Cryptocurrency Investment Companies Violate N.J. State Securities Law
The New Jersey Bureau of Securities has ordered two cryptocurrency-related investment entities, Bitcoiin 2nd Generation (“B2G”) and Bitstrade, to stop offering unregistered securities in the state. A Cease and Desist Order against Bitstrade was entered on February 9, 2018, and a similar order against B2G was entered approximately one month later, on March 7th. Specifically, B2G was actually offering cryptocurrency and Bitstrade was offering opportunities to buy cryptocurrency at what it categorized as “below market” rates.
The Bureau of Securities found that the crypto-related investments offered by both B2G and Bitstrade constitute “securities,” and, based on this finding, issued the Cease and Desist Orders based on the following violations:
- Offering investors unregistered securities in their own cryptocurrency; and
- Failing to disclose key material facts to prospective investors, including the identities of their principals, the physical addresses of their businesses, information about their financial condition, and the risks associated with an investment in their cryptocurrency.
This enforcement comes during a time where cryptocurrency is permeating the media. As a relatively new industry that is largely unregulated, there is uncertainty on how to characterize cryptocurrency under federal and state securities law.
Cryptocurrencies are stored electronically using blockchain technology and do not require a singular, trusted third party, such as a bank, to complete a transaction. Cryptocurrency investment entities who wish to participate in these crypto-transactions usually raise capital through Initial Coin Offerings (“ICO”), in which they typically allocate cryptocoins or tokens to investors in exchange for some other form of cryptocurrency or legal tender. The entities running the ICO campaigns attract investors by touting the possibility that a successful cryptocurrency project can translate into a much higher cryptocoin value than what the investors purchased it for before the project was initiated.
Section 2(1) of the Securities Act of 1933, as amended (the “Securities Act”), defines “security” as including any “investment contract.” In SEC v. W.J. Howey Co., the U.S. Supreme Court defined the term “investment contract” to mean “a contract, transaction or scheme whereby a person invests his money in a common enterprise and is led to expect profits solely from the efforts of the promoter or a third party….” 328 U.S. 293, 298-99 (1946). Section 5 of the Securities Act requires all sales of securities to be registered with the United States Securities and Exchange Commission (“SEC”), unless a specific exemption is available.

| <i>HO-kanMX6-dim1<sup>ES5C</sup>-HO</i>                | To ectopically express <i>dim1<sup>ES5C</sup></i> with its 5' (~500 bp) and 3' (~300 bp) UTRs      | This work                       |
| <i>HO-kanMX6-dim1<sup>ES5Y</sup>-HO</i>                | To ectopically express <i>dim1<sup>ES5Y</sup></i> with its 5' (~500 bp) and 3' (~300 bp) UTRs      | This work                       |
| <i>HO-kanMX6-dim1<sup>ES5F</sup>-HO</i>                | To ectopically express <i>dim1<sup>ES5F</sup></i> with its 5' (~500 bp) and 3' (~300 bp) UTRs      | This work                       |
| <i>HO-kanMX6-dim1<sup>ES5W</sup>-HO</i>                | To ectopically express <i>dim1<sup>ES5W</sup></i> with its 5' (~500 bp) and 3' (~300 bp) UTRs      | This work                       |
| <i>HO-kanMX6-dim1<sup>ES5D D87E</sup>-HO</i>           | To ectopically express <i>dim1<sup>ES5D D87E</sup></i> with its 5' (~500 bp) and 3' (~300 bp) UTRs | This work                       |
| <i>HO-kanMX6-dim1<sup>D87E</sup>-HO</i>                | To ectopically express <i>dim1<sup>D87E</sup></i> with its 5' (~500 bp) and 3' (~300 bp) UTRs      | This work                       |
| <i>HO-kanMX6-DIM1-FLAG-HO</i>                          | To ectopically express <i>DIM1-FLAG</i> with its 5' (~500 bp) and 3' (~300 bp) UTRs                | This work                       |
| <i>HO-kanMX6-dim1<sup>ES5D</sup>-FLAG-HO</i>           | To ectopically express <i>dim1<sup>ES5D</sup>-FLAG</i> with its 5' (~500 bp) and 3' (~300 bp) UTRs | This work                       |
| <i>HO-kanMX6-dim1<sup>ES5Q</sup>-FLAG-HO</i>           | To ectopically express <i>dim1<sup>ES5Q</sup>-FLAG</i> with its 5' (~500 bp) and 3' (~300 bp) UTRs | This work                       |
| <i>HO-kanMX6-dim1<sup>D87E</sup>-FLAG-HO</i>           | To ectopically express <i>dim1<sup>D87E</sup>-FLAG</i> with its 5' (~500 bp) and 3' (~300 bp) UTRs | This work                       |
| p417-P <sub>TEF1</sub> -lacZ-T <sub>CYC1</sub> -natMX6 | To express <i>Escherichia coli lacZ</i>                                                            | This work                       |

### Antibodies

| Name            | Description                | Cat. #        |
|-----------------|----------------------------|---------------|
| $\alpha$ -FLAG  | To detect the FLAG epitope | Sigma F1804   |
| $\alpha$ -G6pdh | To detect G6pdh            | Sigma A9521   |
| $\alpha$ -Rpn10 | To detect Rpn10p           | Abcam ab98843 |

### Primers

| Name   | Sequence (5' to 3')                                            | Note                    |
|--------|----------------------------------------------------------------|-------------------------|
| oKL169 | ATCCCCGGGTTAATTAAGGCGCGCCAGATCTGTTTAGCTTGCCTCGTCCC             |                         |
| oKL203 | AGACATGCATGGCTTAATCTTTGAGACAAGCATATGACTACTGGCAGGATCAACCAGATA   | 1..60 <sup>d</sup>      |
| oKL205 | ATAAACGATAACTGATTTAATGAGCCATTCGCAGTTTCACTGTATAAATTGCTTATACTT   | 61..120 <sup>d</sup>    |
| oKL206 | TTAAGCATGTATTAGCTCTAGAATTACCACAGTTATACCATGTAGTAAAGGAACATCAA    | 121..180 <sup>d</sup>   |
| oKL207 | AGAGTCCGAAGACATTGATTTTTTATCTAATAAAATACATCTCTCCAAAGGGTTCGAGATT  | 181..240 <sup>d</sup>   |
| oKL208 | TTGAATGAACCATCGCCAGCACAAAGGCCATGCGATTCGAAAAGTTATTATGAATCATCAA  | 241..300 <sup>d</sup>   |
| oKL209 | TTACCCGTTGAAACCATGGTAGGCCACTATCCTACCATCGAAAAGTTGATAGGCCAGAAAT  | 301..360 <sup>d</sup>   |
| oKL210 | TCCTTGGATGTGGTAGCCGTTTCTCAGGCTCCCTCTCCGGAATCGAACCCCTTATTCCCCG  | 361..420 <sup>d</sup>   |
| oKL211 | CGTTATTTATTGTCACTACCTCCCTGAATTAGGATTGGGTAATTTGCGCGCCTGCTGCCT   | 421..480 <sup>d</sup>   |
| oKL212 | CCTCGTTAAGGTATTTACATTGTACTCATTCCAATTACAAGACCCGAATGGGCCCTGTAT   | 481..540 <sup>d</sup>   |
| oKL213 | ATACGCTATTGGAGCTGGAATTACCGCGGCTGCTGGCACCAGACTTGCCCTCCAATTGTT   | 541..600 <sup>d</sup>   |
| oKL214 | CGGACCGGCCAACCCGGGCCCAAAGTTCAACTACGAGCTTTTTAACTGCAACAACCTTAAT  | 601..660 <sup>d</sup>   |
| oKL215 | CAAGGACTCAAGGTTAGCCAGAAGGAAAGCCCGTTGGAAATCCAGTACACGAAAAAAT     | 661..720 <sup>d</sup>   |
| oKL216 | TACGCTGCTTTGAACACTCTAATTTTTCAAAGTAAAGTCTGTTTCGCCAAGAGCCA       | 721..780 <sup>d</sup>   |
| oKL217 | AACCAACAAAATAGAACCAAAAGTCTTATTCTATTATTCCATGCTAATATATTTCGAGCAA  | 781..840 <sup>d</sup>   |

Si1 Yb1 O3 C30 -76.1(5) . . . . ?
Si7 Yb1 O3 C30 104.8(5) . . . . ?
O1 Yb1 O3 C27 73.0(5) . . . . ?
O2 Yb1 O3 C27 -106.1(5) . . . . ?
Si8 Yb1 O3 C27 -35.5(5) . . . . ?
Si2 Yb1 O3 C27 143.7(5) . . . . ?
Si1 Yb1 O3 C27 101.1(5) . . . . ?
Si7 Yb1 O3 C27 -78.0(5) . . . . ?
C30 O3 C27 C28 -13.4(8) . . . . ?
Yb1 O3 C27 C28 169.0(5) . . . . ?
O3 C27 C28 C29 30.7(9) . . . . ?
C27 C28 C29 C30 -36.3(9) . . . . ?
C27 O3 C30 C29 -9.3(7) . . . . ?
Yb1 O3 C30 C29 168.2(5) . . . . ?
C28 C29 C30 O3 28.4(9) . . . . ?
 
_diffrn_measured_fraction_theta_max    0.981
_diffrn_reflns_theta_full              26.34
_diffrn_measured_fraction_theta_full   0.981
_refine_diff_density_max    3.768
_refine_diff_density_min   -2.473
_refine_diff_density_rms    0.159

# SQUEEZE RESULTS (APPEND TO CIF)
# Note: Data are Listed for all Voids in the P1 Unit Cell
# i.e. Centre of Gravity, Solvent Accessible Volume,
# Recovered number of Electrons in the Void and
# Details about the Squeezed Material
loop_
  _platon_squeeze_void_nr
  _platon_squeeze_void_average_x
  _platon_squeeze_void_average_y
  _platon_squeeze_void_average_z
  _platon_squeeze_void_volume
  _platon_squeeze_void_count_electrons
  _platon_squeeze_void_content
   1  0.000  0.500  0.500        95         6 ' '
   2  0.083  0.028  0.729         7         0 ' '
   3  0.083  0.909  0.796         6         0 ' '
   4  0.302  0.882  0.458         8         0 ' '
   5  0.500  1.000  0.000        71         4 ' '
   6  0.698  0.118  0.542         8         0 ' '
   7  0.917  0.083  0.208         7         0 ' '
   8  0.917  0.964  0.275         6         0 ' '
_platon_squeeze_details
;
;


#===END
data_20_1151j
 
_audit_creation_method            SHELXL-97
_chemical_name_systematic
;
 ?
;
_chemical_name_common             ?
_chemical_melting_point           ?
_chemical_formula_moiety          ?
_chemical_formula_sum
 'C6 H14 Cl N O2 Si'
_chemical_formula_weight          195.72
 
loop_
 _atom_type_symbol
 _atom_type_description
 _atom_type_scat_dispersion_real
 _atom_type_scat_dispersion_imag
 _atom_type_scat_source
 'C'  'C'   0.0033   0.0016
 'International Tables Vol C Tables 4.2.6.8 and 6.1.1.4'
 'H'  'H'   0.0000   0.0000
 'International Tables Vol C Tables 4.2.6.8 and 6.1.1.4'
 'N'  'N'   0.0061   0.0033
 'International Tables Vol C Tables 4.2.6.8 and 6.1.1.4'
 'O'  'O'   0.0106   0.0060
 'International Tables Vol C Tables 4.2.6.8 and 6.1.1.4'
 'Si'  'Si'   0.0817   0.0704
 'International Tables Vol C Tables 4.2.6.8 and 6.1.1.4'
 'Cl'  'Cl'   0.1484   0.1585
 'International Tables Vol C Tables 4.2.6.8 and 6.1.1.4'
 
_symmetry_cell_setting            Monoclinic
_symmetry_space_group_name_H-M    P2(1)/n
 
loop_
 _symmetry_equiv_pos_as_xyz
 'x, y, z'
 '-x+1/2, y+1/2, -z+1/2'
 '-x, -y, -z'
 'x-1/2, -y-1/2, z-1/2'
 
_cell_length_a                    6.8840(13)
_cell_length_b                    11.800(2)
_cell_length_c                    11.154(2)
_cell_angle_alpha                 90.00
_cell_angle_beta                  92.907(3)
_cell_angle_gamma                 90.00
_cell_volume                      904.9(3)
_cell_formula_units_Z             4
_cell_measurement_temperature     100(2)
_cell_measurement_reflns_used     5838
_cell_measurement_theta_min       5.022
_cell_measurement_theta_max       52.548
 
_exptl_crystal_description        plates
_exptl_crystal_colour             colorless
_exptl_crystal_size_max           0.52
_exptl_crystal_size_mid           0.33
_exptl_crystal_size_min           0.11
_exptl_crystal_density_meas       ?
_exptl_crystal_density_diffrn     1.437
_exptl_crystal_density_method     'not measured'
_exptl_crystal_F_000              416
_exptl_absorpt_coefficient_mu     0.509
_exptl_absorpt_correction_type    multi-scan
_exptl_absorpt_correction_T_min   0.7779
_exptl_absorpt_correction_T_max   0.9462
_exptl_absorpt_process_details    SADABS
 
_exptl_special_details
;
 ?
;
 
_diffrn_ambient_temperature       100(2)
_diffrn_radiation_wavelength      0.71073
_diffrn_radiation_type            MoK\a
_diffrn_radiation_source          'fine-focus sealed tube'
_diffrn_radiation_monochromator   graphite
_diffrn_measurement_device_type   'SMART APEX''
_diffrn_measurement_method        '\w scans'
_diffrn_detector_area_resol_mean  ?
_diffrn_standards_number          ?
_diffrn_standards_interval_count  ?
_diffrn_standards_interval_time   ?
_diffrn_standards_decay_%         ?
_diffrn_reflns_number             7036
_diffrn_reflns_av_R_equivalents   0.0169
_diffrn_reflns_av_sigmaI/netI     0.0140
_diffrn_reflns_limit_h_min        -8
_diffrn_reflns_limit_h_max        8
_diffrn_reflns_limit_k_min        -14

New Jersey, like virtually all other states, also regulates the sale of “securities” and, accordingly, issuers and investors must carefully navigate the dual federal/state regulatory dichotomy.
While it may be unclear whether the crypto-related investments offered through ICOs or otherwise are securities within the meaning of the definition above, any such analysis is fact-intensive and requires a careful analysis of the underlying transaction. Certain ICOs may not be securities, but applicable regulatory bodies are providing enhanced scrutiny of such transactions.
The SEC issued an investigative report on Decentralized Anonymous Organization’s coin offerings, concluding that a fact-sensitive inquiry is necessary to determine whether a particular ICO is a security. Because the SEC does not broadly classify all ICOs as securities offerings, it continues to urge caution on such offerings in the cryptocurrency industry.
Before acting as an investor or issuer of any ICO or crypto-related offering, it would be prudent to consult securities and regulatory counsel. Please contact Robert Frucht, Jason Navarino, Robert Daleo, Ronald Leibman or any member of Riker Danzig’s Corporate and Securities Group if you have any questions regarding this topic.